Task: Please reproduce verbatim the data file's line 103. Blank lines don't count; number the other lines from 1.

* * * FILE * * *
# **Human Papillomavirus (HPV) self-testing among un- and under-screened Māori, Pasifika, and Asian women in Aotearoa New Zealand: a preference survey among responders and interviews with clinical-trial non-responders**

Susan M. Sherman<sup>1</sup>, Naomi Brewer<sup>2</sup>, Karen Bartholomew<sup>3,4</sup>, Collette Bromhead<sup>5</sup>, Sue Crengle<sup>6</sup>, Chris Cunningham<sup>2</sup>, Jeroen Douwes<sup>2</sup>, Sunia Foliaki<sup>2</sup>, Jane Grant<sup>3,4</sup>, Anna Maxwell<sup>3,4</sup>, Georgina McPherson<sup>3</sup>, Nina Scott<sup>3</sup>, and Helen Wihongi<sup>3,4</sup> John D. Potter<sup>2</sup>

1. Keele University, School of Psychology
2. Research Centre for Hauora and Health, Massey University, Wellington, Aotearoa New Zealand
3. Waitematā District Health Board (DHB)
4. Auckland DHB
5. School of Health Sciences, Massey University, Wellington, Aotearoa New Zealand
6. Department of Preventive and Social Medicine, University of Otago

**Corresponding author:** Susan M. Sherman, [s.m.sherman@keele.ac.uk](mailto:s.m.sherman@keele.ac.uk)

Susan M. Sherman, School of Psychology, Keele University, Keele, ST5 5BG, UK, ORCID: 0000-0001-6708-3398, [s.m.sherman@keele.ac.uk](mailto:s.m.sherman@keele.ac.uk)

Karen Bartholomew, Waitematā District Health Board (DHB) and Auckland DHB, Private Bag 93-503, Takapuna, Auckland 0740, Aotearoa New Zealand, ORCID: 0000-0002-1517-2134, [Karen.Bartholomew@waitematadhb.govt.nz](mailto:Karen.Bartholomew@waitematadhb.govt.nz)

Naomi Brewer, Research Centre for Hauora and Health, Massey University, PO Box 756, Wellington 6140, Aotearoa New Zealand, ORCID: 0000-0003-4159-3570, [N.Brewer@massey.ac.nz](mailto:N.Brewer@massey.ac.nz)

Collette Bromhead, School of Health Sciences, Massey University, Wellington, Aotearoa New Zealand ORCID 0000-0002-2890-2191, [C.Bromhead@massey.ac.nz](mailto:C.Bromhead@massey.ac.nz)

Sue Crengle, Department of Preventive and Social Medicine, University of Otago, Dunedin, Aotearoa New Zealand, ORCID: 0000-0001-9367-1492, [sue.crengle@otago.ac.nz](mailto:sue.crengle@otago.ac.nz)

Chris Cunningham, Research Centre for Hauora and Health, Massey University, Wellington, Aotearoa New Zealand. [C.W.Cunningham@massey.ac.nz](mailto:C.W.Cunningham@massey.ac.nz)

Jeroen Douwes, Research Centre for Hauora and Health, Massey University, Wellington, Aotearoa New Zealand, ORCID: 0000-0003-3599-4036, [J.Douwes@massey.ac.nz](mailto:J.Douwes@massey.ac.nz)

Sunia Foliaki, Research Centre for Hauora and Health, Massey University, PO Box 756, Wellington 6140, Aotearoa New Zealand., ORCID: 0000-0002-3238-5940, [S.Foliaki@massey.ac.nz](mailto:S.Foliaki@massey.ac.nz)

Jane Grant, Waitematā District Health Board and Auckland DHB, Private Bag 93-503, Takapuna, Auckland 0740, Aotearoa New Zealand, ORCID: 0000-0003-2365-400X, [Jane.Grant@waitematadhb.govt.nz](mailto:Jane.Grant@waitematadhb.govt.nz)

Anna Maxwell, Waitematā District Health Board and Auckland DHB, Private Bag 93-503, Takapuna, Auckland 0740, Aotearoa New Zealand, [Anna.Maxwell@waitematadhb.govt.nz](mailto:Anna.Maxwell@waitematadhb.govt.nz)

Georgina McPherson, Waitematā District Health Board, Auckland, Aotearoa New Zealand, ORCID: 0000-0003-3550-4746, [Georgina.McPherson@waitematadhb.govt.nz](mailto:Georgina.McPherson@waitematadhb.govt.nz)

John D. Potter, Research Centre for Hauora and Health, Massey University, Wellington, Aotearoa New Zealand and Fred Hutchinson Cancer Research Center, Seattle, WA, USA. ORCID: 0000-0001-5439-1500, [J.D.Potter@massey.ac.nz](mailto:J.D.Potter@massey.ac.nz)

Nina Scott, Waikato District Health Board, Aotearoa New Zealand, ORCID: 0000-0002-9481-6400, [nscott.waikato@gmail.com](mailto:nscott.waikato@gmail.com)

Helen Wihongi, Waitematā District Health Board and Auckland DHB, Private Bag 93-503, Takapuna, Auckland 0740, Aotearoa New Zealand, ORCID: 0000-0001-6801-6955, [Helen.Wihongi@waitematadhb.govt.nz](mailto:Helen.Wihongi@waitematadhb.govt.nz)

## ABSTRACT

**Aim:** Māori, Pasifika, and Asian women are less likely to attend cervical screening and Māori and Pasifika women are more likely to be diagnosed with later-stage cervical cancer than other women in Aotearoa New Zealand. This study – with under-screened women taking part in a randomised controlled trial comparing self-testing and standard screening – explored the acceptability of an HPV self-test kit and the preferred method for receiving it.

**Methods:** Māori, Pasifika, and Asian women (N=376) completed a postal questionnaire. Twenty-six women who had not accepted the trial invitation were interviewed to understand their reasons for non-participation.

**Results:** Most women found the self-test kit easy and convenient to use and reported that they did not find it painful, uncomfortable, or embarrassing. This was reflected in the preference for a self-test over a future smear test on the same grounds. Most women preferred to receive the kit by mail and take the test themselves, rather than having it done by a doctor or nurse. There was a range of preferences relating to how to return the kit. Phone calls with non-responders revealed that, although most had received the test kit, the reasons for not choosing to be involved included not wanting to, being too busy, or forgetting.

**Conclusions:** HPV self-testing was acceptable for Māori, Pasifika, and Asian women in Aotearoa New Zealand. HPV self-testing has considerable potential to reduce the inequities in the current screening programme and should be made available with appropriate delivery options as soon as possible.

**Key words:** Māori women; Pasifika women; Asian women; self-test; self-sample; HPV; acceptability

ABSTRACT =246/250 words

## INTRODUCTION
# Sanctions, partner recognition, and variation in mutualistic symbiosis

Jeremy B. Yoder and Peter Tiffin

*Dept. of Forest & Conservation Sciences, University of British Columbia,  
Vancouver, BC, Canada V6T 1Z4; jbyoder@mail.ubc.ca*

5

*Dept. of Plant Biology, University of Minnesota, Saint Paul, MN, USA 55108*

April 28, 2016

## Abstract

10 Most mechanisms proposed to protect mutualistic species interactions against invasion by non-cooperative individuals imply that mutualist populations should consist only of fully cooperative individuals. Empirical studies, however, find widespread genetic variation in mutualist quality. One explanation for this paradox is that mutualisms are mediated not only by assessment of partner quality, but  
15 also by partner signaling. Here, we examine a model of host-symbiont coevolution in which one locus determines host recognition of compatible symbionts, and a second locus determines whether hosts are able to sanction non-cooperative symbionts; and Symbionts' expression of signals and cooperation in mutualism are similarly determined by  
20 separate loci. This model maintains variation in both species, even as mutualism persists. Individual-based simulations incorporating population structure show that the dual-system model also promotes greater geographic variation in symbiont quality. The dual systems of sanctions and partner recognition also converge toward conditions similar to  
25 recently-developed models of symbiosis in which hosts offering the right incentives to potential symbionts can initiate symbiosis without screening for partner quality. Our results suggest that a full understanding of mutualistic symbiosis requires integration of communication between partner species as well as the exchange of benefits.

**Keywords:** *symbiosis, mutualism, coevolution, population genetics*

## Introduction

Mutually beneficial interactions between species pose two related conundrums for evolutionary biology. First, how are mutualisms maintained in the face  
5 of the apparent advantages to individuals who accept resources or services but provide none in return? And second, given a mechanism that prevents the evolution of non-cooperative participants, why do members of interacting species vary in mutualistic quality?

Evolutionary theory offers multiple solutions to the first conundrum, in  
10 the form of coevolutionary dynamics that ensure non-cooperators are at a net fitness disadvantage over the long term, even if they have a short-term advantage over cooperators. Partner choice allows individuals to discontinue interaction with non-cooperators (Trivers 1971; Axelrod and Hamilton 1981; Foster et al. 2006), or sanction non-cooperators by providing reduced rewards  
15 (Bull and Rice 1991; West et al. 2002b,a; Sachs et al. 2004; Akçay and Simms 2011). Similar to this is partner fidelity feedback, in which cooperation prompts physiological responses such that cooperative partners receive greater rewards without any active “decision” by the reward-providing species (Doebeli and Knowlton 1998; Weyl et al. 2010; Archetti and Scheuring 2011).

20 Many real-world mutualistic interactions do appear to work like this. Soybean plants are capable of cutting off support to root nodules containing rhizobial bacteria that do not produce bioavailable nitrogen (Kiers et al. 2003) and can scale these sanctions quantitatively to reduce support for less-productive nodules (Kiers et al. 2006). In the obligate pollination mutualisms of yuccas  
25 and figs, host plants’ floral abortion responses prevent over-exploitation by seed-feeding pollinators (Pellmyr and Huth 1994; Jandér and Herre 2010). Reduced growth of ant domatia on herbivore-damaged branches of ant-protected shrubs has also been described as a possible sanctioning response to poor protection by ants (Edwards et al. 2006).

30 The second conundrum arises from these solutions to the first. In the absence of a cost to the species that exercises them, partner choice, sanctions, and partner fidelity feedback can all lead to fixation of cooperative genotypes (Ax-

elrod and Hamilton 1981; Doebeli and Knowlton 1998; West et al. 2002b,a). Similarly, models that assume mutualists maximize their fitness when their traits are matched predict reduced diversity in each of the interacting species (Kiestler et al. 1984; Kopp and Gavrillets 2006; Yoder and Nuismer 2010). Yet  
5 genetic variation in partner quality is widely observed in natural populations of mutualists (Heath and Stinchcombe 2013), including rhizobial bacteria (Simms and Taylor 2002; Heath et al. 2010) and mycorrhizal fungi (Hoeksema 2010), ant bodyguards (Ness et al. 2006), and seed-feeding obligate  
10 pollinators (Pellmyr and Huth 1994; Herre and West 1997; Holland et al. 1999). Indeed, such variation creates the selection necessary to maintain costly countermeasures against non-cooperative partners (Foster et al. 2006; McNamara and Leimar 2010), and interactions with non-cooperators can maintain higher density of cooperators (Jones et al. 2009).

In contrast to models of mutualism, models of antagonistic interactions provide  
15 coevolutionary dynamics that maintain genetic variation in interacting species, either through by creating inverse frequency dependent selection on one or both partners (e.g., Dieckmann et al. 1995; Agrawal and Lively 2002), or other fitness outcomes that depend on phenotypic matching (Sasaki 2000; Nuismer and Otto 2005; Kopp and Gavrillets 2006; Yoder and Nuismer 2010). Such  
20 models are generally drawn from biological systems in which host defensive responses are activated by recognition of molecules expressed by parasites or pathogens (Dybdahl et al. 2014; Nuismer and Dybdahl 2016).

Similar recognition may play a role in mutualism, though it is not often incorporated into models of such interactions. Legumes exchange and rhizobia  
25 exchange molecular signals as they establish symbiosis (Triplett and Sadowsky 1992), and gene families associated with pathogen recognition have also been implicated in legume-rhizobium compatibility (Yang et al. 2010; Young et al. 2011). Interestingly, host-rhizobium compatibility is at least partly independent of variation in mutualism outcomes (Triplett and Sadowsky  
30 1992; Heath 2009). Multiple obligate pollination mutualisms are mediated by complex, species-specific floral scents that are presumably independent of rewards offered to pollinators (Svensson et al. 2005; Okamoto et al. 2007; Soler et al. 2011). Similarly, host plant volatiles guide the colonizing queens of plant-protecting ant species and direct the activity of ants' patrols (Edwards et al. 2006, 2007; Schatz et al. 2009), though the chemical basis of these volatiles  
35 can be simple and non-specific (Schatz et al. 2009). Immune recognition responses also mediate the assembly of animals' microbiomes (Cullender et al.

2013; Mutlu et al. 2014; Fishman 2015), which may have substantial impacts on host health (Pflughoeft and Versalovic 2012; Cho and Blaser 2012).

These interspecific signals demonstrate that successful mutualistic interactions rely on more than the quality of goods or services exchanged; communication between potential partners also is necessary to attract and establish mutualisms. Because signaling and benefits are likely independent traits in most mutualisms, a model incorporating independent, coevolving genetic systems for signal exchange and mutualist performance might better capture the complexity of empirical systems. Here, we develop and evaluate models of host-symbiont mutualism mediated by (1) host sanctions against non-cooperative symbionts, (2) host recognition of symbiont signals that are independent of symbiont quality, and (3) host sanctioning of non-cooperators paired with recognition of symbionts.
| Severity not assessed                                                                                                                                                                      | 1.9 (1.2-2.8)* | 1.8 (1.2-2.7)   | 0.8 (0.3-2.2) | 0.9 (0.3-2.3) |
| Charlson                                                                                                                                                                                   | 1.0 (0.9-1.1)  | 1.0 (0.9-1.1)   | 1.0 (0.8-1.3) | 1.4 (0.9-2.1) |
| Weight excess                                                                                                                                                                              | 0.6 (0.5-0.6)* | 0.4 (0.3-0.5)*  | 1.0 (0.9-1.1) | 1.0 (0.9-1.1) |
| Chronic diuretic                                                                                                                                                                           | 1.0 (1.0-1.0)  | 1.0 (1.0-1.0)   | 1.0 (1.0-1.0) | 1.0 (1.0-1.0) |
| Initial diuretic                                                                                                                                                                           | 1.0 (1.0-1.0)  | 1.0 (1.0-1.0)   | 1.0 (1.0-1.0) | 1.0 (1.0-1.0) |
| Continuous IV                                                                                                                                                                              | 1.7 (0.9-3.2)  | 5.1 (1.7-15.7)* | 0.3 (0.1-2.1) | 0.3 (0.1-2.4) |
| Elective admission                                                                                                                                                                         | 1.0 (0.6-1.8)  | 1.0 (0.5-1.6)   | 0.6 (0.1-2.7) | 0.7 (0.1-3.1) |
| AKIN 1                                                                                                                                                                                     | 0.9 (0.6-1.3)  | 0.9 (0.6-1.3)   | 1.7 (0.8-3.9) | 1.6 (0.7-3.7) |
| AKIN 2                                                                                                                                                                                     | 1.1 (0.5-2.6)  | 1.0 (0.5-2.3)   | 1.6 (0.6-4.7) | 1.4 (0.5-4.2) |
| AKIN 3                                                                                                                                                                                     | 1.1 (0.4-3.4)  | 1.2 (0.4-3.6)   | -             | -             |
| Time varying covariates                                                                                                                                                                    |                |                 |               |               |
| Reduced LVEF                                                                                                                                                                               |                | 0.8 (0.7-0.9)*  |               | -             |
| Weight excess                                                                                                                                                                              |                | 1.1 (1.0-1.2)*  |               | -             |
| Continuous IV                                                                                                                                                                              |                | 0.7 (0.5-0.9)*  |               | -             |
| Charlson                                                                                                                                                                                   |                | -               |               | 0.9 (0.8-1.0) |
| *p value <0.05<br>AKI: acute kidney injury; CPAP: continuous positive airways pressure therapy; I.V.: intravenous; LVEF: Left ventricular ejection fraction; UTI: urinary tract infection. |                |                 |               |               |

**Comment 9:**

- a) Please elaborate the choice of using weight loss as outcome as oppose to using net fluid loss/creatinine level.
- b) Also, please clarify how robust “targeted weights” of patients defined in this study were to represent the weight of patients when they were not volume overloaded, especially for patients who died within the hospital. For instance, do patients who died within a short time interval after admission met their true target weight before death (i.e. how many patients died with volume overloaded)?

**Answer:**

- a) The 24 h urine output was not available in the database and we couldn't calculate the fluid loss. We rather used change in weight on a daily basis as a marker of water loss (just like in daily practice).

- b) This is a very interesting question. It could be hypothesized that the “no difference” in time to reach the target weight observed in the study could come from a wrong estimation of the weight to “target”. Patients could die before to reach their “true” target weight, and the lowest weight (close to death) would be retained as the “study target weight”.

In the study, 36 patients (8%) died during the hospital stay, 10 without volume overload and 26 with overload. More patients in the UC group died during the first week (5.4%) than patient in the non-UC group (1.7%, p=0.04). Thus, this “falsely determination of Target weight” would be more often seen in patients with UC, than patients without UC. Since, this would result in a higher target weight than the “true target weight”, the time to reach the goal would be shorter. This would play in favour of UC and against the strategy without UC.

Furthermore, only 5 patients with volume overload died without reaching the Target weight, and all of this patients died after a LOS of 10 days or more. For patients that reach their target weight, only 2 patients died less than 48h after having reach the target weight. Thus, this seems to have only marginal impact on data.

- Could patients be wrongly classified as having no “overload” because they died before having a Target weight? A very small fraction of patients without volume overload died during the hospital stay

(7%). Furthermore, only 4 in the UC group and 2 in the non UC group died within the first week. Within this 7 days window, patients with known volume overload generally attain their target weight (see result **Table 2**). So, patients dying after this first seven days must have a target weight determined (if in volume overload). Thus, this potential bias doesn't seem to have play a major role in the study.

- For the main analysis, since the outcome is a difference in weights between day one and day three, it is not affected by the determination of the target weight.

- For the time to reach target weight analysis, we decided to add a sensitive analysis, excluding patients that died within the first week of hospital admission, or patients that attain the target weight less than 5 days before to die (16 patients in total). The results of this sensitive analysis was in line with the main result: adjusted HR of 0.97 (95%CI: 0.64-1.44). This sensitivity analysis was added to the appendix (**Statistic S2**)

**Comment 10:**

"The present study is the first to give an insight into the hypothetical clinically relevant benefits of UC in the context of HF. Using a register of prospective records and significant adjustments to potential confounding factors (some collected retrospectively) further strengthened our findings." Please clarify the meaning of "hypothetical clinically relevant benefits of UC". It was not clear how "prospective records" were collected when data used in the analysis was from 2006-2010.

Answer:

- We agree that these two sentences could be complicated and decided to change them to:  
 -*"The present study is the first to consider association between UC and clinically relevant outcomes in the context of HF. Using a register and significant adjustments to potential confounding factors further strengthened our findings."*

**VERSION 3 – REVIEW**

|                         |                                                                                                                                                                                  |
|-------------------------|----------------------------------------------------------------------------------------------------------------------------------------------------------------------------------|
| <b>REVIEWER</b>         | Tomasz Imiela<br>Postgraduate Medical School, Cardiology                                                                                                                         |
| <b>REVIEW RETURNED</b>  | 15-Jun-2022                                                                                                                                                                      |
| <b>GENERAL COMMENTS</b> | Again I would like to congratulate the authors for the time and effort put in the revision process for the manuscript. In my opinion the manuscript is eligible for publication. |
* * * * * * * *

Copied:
| <b>REVIEW RETURNED</b>  | 15-Jun-2022                                                                                                                                                                      |